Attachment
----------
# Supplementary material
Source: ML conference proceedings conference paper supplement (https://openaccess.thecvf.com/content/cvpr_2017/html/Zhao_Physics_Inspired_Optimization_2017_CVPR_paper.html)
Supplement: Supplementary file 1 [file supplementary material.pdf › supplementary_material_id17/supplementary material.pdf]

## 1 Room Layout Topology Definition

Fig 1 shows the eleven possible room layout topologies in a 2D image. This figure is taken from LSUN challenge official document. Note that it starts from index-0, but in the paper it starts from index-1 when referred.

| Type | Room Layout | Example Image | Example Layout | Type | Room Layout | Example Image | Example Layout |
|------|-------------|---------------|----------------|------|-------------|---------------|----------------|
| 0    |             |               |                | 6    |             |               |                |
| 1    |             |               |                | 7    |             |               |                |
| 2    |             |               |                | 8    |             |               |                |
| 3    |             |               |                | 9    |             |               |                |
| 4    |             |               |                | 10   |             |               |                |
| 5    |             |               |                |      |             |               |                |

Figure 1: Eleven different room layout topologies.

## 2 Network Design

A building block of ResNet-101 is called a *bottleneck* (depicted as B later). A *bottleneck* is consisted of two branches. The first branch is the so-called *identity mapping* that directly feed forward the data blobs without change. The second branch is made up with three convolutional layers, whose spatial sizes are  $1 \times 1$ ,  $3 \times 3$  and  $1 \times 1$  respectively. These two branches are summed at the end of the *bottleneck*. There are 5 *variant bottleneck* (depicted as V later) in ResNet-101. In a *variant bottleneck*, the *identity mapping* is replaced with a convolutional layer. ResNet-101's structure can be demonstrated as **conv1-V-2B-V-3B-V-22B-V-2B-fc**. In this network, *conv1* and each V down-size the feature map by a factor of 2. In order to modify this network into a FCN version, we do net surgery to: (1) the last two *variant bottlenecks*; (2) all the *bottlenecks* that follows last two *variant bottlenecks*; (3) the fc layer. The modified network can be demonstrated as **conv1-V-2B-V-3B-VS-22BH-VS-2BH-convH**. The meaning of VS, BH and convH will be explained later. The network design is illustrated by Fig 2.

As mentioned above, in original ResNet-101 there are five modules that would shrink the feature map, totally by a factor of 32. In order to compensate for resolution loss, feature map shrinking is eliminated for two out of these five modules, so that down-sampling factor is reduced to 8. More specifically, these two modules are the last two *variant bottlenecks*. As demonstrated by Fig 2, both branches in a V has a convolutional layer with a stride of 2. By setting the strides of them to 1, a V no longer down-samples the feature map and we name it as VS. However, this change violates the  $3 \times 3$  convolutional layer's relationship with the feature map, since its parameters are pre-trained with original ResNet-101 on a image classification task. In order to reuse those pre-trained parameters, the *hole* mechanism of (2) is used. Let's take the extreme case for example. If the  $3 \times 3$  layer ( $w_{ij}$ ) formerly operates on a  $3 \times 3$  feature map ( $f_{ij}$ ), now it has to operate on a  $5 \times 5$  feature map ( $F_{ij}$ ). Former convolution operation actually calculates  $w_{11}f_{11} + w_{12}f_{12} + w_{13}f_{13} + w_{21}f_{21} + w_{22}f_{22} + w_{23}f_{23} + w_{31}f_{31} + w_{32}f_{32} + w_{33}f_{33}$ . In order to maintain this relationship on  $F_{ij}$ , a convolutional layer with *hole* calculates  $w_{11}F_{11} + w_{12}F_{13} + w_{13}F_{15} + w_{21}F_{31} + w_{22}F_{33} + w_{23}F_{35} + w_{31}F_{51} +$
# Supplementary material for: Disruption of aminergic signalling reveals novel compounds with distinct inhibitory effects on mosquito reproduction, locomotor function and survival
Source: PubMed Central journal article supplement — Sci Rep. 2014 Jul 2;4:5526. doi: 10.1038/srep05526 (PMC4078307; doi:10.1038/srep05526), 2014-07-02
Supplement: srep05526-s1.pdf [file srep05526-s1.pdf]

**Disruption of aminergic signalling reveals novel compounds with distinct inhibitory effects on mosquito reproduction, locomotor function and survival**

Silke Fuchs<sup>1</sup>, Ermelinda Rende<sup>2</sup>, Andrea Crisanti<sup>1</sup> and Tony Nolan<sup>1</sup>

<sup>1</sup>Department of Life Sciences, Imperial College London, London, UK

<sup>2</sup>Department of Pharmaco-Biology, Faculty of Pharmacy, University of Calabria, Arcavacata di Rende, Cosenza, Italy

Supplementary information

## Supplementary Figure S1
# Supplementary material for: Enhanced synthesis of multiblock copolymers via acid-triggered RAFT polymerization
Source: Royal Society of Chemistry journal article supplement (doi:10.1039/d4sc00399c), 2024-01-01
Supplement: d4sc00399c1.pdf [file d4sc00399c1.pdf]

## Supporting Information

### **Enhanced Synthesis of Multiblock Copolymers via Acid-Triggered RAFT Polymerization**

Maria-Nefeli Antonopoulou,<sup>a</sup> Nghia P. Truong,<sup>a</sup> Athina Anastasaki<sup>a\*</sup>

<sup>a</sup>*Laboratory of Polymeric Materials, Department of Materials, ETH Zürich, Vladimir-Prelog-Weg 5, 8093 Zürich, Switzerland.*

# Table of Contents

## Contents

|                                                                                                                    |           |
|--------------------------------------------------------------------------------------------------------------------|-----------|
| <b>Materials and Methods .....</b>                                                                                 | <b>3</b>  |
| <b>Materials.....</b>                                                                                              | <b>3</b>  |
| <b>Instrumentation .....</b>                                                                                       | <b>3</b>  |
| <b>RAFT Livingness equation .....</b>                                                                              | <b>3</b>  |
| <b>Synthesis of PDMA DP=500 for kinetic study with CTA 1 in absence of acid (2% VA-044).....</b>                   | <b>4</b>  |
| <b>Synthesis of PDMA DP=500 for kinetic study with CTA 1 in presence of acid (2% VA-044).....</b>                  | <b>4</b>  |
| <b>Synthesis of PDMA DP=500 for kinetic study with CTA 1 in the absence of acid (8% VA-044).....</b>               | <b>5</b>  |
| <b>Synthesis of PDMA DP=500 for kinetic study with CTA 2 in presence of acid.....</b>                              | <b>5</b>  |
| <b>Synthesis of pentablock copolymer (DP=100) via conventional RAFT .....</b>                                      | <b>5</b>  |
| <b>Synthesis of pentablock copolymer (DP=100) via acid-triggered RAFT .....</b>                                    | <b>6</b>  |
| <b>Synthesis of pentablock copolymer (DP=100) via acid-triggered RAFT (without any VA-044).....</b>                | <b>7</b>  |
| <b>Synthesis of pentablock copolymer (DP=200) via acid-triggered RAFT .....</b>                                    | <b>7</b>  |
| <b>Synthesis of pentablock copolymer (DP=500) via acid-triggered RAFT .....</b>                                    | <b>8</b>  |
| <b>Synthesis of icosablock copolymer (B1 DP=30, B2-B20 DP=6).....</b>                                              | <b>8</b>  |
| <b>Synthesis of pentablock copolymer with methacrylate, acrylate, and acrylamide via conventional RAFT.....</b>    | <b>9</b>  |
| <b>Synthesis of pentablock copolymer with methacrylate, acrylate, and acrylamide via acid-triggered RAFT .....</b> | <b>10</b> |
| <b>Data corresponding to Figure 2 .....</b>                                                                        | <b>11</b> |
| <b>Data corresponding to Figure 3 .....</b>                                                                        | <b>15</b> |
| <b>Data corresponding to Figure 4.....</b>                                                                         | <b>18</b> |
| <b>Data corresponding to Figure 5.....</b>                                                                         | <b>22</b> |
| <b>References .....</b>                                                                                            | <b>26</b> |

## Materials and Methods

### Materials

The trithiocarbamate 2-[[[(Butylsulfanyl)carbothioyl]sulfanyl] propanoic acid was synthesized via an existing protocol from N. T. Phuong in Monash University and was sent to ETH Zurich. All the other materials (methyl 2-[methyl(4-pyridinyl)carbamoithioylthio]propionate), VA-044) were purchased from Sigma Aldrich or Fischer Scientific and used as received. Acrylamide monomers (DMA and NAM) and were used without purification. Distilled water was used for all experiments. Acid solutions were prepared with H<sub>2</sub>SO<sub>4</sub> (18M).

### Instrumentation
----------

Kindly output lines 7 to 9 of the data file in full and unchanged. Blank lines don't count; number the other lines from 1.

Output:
|------|-------------|---------------|----------------|------|-------------|---------------|----------------|
| 0    |             |               |                | 6    |             |               |                |
| 1    |             |               |                | 7    |             |               |                |